The Court reiterated that violation of the oath is, on the one hand, a serious violation of the Constitution, and a serious violation of the Constitution is, on the other hand, a violation of the oath. The severity of this violation may raise an issue of incompatibility of the President with his position.
In this context, the Court recalled that the Constitutional Court's interpretative judgments represent texts with constitutional value, and are an integral part of the Constitution, they form common body with the provisions they interpret and shall be mandatorily enforced by all state institutions, including the President. They apply directly, without any other formal condition (JCC No.33 of 10 October 2013).
In this respect any non-compliance with the judgments of the Constitutional Court is equivalent to non-observance of the Constitution and represents gross disregarding of the fundamental elements of the rule of law.
In the present case, the Court found that the institutional deadlock was generated by deliberate actions of the President and by non-enforcement of the earlier judgment of the Constitutional Court.
Therefore, the Court found that the deliberate refusal of the President of the country to fulfill the constitutional duty to appoint the person repeatedly proposed by the Prime Minister represents a serious violation of his constitutional obligations and of the oath, a circumstance that justifies the initiation by the Parliament of the procedures to suspend the President, according to Article 89 of the Constitution.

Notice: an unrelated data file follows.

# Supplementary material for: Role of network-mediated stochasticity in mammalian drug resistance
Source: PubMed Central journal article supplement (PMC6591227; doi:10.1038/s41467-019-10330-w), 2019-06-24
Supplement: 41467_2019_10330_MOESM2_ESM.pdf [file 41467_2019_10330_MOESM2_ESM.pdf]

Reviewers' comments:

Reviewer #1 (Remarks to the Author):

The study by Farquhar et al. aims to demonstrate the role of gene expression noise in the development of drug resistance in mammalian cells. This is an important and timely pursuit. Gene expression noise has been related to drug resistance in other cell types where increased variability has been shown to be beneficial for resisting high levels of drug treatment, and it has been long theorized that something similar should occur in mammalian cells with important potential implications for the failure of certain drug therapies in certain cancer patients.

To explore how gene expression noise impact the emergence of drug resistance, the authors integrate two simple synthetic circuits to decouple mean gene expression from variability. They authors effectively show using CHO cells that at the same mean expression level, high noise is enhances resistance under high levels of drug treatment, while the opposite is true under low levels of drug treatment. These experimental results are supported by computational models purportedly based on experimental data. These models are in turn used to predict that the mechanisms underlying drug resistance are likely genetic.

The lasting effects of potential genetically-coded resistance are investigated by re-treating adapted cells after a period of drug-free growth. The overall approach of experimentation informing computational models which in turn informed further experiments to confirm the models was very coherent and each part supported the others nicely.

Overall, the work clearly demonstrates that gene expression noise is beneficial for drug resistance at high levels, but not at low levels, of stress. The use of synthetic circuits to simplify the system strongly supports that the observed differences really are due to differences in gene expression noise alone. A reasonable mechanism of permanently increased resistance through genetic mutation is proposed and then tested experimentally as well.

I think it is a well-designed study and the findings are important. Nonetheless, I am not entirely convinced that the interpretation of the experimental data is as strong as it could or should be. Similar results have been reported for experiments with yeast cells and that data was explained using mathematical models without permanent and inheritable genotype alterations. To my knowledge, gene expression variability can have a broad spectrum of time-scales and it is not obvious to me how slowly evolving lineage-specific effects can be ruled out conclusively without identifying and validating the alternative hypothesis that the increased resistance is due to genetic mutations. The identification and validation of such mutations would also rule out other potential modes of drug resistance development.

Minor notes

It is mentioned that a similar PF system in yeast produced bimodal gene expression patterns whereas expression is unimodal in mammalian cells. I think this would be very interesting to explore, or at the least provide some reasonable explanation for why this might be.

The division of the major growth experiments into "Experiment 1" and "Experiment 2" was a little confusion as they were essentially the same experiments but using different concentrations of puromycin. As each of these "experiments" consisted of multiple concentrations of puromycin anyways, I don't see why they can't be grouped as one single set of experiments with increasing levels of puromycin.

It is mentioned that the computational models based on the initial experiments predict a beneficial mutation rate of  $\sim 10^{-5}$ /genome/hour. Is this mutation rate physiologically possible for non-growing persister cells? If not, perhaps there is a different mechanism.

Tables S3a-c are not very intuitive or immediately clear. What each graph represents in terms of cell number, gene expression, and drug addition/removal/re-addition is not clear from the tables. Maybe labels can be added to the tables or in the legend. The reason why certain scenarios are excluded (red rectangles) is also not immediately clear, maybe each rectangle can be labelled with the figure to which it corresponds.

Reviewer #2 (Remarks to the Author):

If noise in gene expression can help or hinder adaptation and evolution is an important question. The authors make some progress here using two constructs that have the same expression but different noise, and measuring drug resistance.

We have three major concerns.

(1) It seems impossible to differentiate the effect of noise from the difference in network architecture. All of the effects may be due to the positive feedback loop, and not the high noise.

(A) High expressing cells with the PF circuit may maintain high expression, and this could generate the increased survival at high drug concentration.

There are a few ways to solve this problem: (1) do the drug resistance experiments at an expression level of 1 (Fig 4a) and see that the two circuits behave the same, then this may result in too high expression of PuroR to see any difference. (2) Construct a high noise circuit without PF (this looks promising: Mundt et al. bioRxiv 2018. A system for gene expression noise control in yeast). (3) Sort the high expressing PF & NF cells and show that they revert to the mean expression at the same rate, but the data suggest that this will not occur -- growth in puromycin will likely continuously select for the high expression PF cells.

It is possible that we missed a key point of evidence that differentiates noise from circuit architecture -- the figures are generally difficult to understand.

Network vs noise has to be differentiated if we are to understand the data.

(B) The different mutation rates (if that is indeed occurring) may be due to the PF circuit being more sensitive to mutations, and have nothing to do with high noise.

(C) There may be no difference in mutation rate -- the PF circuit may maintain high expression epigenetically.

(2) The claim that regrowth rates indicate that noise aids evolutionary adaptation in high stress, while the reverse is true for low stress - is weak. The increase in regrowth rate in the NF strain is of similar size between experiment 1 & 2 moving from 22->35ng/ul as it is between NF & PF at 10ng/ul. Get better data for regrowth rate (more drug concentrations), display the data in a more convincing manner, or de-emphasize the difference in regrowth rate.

Concurrently, the Court held that the use of the mechanism to dismiss the President is the choice of the Parliament, taking into account that it is a complex and lasting procedure that fails to promptly address the full functionality of the fundamental institutions which were deliberately obstructed by the President.
The Court held that the Constitution of the Republic of Moldova does not provide express solutions on the manner in which the extraordinary situation created by the deliberate inaction of the President should be handled; as a matter of fact the text of the Constitution is built on the premise of good faith, including the aspect referring to the exercise by public officials of their tasks, as specified in Article 56 of the Constitution.
In this context, the textual interpretation of Article 98 para. (6) could distort the original will of the constituent legislator; as a matter of fact, creation of institutional deadlocks and perpetuation of the power vacuum and of a state of unconstitutionality is contrary to the spirit of the Constitution. Thus, the exceptional situation created by the deliberate refusal of the President to fulfill constitutional duties imposes the need to identify an exceptional solution. Therefore, the Court held that in order to establish the genuine will of the constituent legislator, it is necessary to apply functional interpretation of the Constitution.
Having analyzed the Constitution in its integrality as well as its specific objective to avoid the creation of a power vacuum and to ensure fully functioning institutions (JCC No. 7 of 18 May 2013), there should exist instruments of checks and balances that would exclude any abuses related to the deliberate non-fulfillment of constitutional duties and would provide the necessary guarantee for the full exercise of state power.
In this context the Court, through functional interpretation of the Constitution, had to identify mechanisms to replace the role of the President within these procedures and to unblock the functionality of the fundamental state institutions.